Valentine’s Day is when athletic blond guys buy expensive gifts for tiny blonde girls in order to get sex. Or at least that’s the impression the soppy movies and tacky jewelry commercials that sprout up at this time of year tend to give.
Kayla Spag and her twin sister Jenna are sick of it. The pair, who host events under the name Feminist Twins, want to inject the holiday with a bit more meaning, and to include people usually left out of the occasion’s far-too-straight paraphernalia.
“[Occasionally Valentine’s cards] are from a man to a man, but not typically from a woman to a woman. There are no polyamorous ones or ones that say ‘to my partner’ or ‘partners,’” Kayla says. “And I’ve never seen a card that’s directed at genderqueer people or non-binary people.”
In 2015, they put together an event at Kind called the Non-Heteronormative Valentine’s Craft Night. People of all descriptions (including families with children) were welcome to come, socialize and make cards that conveyed messages they actually wanted to convey — messages not often featured on cards for sale in shops.
The messages could take into account a variety of gender identities, sexual orientations and relationship structures — whatever each attendee wanted. Kayla fondly remembers making a card for Kind’s executive director Carling Miller, which read, “I have a big fat lesbian crush on you.”
Kayla says that the crowd was large and enthusiastic, but response to the event was not uniformly positive. “Last year because of that event I actually got a lot of hate mail . . . an MRA from the States wrote a blog about me,” she says.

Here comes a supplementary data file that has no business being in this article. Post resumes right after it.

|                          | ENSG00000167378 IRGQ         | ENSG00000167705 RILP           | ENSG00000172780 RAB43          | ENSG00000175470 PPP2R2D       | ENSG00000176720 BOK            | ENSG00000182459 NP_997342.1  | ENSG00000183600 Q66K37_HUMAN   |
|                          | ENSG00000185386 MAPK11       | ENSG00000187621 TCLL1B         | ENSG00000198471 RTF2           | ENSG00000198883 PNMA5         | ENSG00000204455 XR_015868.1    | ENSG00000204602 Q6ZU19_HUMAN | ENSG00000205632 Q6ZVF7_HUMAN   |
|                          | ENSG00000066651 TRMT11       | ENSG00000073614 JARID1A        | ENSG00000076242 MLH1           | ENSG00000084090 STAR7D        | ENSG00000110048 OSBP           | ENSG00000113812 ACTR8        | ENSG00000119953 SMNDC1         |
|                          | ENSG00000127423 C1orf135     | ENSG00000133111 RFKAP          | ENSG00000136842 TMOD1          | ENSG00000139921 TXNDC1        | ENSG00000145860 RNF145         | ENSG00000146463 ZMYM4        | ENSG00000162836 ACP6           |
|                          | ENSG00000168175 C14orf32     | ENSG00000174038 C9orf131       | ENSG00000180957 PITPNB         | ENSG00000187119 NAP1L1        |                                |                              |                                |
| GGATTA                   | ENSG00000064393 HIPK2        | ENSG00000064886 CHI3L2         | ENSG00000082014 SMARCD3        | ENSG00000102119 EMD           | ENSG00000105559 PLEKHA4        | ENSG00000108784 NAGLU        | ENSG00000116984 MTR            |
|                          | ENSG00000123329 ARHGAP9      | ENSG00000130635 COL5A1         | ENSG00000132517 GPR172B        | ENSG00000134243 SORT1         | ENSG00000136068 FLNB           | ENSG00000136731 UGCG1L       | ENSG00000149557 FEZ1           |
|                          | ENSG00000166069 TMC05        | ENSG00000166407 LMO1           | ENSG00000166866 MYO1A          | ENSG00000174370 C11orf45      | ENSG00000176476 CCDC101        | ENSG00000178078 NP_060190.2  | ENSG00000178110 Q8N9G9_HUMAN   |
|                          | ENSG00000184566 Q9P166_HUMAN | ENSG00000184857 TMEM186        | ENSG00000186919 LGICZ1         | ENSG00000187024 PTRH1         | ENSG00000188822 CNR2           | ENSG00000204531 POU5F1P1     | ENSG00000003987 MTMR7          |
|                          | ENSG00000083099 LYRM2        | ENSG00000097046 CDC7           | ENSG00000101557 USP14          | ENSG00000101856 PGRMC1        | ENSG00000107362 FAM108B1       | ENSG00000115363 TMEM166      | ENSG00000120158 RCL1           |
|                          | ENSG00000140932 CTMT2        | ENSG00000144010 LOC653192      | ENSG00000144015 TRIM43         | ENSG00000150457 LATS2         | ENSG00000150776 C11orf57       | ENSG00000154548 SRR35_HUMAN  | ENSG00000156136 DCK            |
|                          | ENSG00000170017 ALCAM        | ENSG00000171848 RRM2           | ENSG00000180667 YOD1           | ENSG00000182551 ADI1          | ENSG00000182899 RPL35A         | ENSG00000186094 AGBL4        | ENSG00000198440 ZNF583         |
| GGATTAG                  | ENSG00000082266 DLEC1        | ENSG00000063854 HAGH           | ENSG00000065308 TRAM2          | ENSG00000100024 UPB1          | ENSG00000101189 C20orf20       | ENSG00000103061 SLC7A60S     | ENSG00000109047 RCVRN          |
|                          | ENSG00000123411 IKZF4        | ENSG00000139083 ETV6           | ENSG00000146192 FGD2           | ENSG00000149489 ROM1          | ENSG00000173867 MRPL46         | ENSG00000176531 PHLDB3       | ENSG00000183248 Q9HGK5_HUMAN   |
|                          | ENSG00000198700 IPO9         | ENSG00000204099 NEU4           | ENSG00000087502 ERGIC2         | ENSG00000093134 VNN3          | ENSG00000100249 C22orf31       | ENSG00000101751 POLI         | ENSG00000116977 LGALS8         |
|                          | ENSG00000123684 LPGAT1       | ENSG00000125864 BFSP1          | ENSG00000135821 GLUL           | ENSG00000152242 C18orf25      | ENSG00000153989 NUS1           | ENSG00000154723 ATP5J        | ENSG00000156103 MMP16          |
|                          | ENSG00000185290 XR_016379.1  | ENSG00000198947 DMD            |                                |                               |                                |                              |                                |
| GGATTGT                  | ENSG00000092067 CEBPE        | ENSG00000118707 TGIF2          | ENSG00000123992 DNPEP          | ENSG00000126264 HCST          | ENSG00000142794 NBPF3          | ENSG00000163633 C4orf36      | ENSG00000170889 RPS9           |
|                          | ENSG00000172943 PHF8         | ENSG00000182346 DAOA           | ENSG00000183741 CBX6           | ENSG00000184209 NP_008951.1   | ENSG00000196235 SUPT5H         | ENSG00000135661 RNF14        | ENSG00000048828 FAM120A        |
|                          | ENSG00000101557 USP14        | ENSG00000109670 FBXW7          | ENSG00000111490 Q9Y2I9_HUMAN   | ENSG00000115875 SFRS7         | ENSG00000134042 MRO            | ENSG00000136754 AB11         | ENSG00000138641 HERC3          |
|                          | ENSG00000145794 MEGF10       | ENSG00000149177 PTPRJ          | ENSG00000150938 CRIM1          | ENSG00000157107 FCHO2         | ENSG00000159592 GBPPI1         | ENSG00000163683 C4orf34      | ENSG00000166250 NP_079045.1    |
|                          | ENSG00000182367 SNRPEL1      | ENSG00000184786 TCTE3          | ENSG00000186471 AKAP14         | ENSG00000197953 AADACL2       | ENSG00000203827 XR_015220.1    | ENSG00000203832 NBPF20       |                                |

Undeterred, the Feminist Twins are set to host the second Annual Non-Heteronormative Valentine’s Craft Night. “You must be doing something right if people have a problem with what you’re doing,” she says. This time the event will be held at the café Pressed.
A variety of materials will be provided — card stock, beads, stickers, painting supplies and more — but attendees are encouraged to bring any extra materials they may have lying around.
She stresses that people can make any sort of meaningful gift they like — and that their skill allows — at the event. “It doesn’t necessarily have to be a card,” she says. “Last year I created a jar full of glitter and little messages of why I like my partner.”
With a primarily queer crowd, one thing is certain: everything will be festooned with cats, bow ties and angry slogans.